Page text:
“Two First Nations girls with leukemia received a significant amount of media attention in 2014 and 2015. In both cases, the parents refused to continue chemotherapy, the only proven effective treatment; they opted instead for a combination of traditional Aboriginal healing approaches and alternative therapies offered in a facility outside of the country.” (p 293)
“The present commentary aims to review the academic assessment of the situation, to describe responsibilities of physicians in such cases and to propose a course of action for them.” (p 293)
“In reaction to the initial judgement, a _Canadian Medical Association Journal_ (CMAJ) commentary (4) highlighted the richness of Indigenous approaches to healing and emphasized the absolute necessity that health provider interactions with Indigenous patients be based on trust and respect, especially given the awful legacy (8) of residential schools. We agree with their commentary; clearly, the overarching need is for mutual trust. Medical practitioners and institutions must focus on respect for Indigenous patients, their families and community traditions, while accepting that Indigenous leaders are a central part of the attempt to find mutual respect and to focus on the preservation of their young people’s health and lives.
“The CMAJ commentary, however, made a number of factual errors and lacked understanding of the legal and ethical responsibilities of all physicians, including paediatricians, when faced with a situation in which parents of any background deny lifesaving treatment for their child.” (p 293)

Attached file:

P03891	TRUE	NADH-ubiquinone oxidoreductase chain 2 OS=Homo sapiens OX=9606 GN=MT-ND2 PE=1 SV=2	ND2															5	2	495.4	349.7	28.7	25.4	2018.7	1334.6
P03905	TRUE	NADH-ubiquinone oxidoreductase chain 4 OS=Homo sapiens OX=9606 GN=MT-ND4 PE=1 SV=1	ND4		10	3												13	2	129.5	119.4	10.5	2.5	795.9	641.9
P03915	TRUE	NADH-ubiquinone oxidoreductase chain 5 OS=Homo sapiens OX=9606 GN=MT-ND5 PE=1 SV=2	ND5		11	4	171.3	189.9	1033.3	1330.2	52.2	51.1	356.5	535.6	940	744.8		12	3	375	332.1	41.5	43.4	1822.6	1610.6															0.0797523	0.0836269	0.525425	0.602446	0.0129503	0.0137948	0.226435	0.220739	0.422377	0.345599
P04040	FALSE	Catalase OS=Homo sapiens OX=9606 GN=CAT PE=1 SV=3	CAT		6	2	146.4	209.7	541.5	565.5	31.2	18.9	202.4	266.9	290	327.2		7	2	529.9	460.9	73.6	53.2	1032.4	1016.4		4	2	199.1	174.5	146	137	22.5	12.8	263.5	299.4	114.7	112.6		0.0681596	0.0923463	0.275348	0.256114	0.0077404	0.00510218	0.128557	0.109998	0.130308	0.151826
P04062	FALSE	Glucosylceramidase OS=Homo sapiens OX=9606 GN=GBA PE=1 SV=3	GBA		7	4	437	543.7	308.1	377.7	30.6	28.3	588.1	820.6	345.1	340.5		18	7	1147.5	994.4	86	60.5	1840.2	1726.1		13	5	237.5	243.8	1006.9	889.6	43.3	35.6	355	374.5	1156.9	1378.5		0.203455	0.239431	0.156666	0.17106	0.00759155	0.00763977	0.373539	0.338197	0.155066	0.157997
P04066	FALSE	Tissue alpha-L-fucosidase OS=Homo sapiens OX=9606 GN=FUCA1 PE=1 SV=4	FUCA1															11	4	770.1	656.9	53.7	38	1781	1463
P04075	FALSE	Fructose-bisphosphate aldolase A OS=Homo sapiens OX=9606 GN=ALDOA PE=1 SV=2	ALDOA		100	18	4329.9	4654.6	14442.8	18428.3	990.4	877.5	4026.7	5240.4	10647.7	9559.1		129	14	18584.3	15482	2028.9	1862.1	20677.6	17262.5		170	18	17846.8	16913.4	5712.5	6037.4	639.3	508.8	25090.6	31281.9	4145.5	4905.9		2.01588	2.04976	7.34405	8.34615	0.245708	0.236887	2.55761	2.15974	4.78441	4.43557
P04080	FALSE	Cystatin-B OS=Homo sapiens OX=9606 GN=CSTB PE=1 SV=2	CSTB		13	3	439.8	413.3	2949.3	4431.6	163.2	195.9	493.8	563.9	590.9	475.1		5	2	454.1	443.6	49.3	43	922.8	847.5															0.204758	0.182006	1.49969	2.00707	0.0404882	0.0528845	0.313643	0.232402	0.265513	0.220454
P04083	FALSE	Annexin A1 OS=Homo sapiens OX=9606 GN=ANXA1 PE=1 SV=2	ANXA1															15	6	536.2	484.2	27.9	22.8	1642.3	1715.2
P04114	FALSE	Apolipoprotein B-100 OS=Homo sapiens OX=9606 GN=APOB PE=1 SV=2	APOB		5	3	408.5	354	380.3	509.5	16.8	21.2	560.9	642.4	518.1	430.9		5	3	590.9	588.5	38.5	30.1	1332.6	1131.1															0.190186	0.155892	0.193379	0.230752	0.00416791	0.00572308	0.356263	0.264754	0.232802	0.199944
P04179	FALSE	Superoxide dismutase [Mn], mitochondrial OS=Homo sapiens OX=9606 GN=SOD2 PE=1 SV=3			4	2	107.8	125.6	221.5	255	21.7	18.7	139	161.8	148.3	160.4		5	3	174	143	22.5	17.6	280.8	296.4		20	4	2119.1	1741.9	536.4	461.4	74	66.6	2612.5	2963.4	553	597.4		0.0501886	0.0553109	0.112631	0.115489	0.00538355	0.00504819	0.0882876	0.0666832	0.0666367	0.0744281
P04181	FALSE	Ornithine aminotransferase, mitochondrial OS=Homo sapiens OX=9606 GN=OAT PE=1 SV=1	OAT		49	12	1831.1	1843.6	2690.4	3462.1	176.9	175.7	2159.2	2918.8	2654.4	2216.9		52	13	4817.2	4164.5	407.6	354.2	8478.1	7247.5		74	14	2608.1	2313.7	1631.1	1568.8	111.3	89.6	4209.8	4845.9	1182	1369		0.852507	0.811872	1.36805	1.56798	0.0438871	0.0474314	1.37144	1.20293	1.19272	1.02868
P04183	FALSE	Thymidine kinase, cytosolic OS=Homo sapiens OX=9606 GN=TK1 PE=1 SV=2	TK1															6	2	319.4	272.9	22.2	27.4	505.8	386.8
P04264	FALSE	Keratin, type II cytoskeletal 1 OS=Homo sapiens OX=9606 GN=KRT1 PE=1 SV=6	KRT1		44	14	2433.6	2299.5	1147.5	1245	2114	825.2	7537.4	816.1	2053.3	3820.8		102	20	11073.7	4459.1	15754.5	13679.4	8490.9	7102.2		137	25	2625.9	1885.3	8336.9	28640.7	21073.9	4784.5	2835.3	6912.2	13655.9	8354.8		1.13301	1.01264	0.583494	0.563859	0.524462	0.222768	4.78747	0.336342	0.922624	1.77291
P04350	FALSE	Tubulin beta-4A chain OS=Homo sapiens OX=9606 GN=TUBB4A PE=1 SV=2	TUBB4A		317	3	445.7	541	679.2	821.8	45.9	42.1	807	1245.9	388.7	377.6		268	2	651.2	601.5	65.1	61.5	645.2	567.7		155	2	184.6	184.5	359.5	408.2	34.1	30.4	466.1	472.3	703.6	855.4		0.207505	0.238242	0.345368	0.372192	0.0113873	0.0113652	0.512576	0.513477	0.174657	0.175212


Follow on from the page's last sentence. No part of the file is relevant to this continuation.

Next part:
“The description of chemotherapy as ‘toxic medications with severe adverse effects’ (4), without any qualification, obscures the fact that chemotherapy provides, to date, the only evidence-based treatment for the survival of JJ.” (p 294)
“A more recent report claims that ‘Racism against Indigenous peoples in the healthcare system is so pervasive that people strategize around anticipated racism before visiting the emergency department or, in some cases, avoid care altogether’ (13).” (p 294)
“Paediatricians must accept that Indigenous physicians have a vital role in helping to bridge a vast cultural divide. … To this end, training on how to make patients and families of varying cultures feel safe to seek and undergo treatment should be an essential part of early training for all health care professionals.” (p 294)
“At the outset, realize that an institutional policy that welcomes and recognises Indigenous culture is useless without an individual commitment to follow through and sincerely welcome the child, the family and community values.” (p 294)
- 4. Richardson L, Stanbrook MB. Caring for Aboriginal patients requires trust and respect, not courtrooms. CMAJ 2015;187:162
- 8. Truth and Reconciliation Commision of Canada, Honouring the truth, reconciling for the future: summary of the final report of the Truth and Reconciliation Commision of Canada. 2015 <www.trc. ca/websites/trcinstitution/File/2015/Exec_Summary_2015_06_25_ web_o.pdf> (Accessed July 1, 2015).
- 13. Allan B, Smylie J. First Peoples, second class treatment: The role of racism in the health and wellbeing of Indigenous peoples in Canada. Toronto: the Wellesley Institute, 2015, page 2. <www. wellesleyinstitute.com/wp-content/uploads/2015/02/Summary-First- Peoples-Second-Class-Treatment-Final.pdf> (Accessed May 3, 2015).